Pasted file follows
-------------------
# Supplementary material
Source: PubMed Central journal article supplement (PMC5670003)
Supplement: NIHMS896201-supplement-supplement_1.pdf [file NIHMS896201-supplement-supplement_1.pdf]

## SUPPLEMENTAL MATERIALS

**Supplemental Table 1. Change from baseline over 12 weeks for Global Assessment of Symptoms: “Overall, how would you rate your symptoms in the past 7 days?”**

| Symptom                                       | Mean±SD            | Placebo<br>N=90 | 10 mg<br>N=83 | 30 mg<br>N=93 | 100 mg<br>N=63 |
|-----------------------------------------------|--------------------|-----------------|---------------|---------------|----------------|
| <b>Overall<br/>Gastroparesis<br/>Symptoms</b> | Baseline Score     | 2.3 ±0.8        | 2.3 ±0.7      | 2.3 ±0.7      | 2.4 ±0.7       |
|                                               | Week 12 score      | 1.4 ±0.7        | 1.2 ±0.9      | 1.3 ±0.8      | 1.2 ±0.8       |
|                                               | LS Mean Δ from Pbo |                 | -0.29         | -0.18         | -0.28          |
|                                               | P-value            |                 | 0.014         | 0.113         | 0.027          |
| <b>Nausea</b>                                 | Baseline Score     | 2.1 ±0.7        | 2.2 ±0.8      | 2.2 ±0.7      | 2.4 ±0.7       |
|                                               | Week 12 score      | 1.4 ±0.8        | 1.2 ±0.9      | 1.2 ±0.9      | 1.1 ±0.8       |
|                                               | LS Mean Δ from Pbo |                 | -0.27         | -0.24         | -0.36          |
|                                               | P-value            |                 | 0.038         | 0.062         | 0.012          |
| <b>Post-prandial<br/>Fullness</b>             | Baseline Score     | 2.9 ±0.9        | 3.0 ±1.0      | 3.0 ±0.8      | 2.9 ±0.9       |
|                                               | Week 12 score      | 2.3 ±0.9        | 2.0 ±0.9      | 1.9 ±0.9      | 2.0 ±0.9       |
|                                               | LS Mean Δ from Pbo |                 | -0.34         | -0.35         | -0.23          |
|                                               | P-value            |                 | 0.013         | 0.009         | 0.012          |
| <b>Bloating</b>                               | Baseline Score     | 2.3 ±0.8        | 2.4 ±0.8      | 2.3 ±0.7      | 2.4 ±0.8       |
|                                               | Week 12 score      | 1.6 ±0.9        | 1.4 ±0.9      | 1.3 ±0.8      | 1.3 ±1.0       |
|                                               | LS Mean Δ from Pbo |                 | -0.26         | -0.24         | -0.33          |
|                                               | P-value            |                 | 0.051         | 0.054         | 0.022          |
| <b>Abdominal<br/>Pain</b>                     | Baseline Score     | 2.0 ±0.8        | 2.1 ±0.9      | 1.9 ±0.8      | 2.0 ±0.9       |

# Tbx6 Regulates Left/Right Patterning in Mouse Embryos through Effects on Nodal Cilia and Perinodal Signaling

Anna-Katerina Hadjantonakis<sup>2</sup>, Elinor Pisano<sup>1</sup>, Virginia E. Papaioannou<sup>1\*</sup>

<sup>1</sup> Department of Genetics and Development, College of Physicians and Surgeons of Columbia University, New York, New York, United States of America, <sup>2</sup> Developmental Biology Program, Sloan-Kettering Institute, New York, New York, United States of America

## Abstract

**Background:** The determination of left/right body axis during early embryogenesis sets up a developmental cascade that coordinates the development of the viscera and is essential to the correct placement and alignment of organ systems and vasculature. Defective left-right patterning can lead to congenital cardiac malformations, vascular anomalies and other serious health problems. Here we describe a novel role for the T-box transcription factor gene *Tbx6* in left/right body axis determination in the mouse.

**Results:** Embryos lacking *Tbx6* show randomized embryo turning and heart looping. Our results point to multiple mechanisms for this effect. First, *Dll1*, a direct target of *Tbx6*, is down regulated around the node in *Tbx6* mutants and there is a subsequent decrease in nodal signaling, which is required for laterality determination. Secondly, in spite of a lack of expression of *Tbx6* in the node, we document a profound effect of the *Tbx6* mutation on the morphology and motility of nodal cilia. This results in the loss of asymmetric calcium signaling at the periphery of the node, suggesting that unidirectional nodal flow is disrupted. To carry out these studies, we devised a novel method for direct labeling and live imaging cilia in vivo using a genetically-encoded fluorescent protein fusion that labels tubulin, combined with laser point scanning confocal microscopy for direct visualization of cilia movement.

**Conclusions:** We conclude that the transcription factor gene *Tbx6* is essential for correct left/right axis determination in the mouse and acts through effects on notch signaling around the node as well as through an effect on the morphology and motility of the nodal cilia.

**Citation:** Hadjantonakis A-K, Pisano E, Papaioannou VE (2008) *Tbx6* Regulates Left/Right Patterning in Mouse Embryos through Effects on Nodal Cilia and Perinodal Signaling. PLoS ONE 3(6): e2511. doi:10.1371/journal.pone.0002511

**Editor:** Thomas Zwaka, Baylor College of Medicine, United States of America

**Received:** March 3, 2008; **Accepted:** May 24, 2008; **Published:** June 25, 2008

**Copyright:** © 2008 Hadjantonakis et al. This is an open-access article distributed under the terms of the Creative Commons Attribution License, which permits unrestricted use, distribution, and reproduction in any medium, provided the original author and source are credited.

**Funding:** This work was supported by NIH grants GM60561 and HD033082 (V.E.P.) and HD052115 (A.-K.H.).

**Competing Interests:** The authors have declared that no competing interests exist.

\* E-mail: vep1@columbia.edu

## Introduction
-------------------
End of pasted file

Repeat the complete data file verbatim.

# Supplementary material
Source: PubMed Central journal article supplement (PMC5670003)
Supplement: NIHMS896201-supplement-supplement_1.pdf [file NIHMS896201-supplement-supplement_1.pdf]

## SUPPLEMENTAL MATERIALS

**Supplemental Table 1. Change from baseline over 12 weeks for Global Assessment of Symptoms: “Overall, how would you rate your symptoms in the past 7 days?”**

| Symptom                                       | Mean±SD            | Placebo<br>N=90 | 10 mg<br>N=83 | 30 mg<br>N=93 | 100 mg<br>N=63 |
|-----------------------------------------------|--------------------|-----------------|---------------|---------------|----------------|
| <b>Overall<br/>Gastroparesis<br/>Symptoms</b> | Baseline Score     | 2.3 ±0.8        | 2.3 ±0.7      | 2.3 ±0.7      | 2.4 ±0.7       |
|                                               | Week 12 score      | 1.4 ±0.7        | 1.2 ±0.9      | 1.3 ±0.8      | 1.2 ±0.8       |
|                                               | LS Mean Δ from Pbo |                 | -0.29         | -0.18         | -0.28          |
|                                               | P-value            |                 | 0.014         | 0.113         | 0.027          |
| <b>Nausea</b>                                 | Baseline Score     | 2.1 ±0.7        | 2.2 ±0.8      | 2.2 ±0.7      | 2.4 ±0.7       |
|                                               | Week 12 score      | 1.4 ±0.8        | 1.2 ±0.9      | 1.2 ±0.9      | 1.1 ±0.8       |
|                                               | LS Mean Δ from Pbo |                 | -0.27         | -0.24         | -0.36          |
|                                               | P-value            |                 | 0.038         | 0.062         | 0.012          |
| <b>Post-prandial<br/>Fullness</b>             | Baseline Score     | 2.9 ±0.9        | 3.0 ±1.0      | 3.0 ±0.8      | 2.9 ±0.9       |
|                                               | Week 12 score      | 2.3 ±0.9        | 2.0 ±0.9      | 1.9 ±0.9      | 2.0 ±0.9       |
|                                               | LS Mean Δ from Pbo |                 | -0.34         | -0.35         | -0.23          |
|                                               | P-value            |                 | 0.013         | 0.009         | 0.012          |
| <b>Bloating</b>                               | Baseline Score     | 2.3 ±0.8        | 2.4 ±0.8      | 2.3 ±0.7      | 2.4 ±0.8       |
|                                               | Week 12 score      | 1.6 ±0.9        | 1.4 ±0.9      | 1.3 ±0.8      | 1.3 ±1.0       |
|                                               | LS Mean Δ from Pbo |                 | -0.26         | -0.24         | -0.33          |
|                                               | P-value            |                 | 0.051         | 0.054         | 0.022          |
| <b>Abdominal<br/>Pain</b>                     | Baseline Score     | 2.0 ±0.8        | 2.1 ±0.9      | 1.9 ±0.8      | 2.0 ±0.9       |

# Tbx6 Regulates Left/Right Patterning in Mouse Embryos through Effects on Nodal Cilia and Perinodal Signaling

Anna-Katerina Hadjantonakis<sup>2</sup>, Elinor Pisano<sup>1</sup>, Virginia E. Papaioannou<sup>1\*</sup>

<sup>1</sup> Department of Genetics and Development, College of Physicians and Surgeons of Columbia University, New York, New York, United States of America, <sup>2</sup> Developmental Biology Program, Sloan-Kettering Institute, New York, New York, United States of America

## Abstract

**Background:** The determination of left/right body axis during early embryogenesis sets up a developmental cascade that coordinates the development of the viscera and is essential to the correct placement and alignment of organ systems and vasculature. Defective left-right patterning can lead to congenital cardiac malformations, vascular anomalies and other serious health problems. Here we describe a novel role for the T-box transcription factor gene *Tbx6* in left/right body axis determination in the mouse.

**Results:** Embryos lacking *Tbx6* show randomized embryo turning and heart looping. Our results point to multiple mechanisms for this effect. First, *Dll1*, a direct target of *Tbx6*, is down regulated around the node in *Tbx6* mutants and there is a subsequent decrease in nodal signaling, which is required for laterality determination. Secondly, in spite of a lack of expression of *Tbx6* in the node, we document a profound effect of the *Tbx6* mutation on the morphology and motility of nodal cilia. This results in the loss of asymmetric calcium signaling at the periphery of the node, suggesting that unidirectional nodal flow is disrupted. To carry out these studies, we devised a novel method for direct labeling and live imaging cilia in vivo using a genetically-encoded fluorescent protein fusion that labels tubulin, combined with laser point scanning confocal microscopy for direct visualization of cilia movement.

**Conclusions:** We conclude that the transcription factor gene *Tbx6* is essential for correct left/right axis determination in the mouse and acts through effects on notch signaling around the node as well as through an effect on the morphology and motility of the nodal cilia.

**Citation:** Hadjantonakis A-K, Pisano E, Papaioannou VE (2008) *Tbx6* Regulates Left/Right Patterning in Mouse Embryos through Effects on Nodal Cilia and Perinodal Signaling. PLoS ONE 3(6): e2511. doi:10.1371/journal.pone.0002511

**Editor:** Thomas Zwaka, Baylor College of Medicine, United States of America

**Received:** March 3, 2008; **Accepted:** May 24, 2008; **Published:** June 25, 2008

**Copyright:** © 2008 Hadjantonakis et al. This is an open-access article distributed under the terms of the Creative Commons Attribution License, which permits unrestricted use, distribution, and reproduction in any medium, provided the original author and source are credited.

**Funding:** This work was supported by NIH grants GM60561 and HD033082 (V.E.P.) and HD052115 (A.-K.H.).

**Competing Interests:** The authors have declared that no competing interests exist.

\* E-mail: vep1@columbia.edu

## Introduction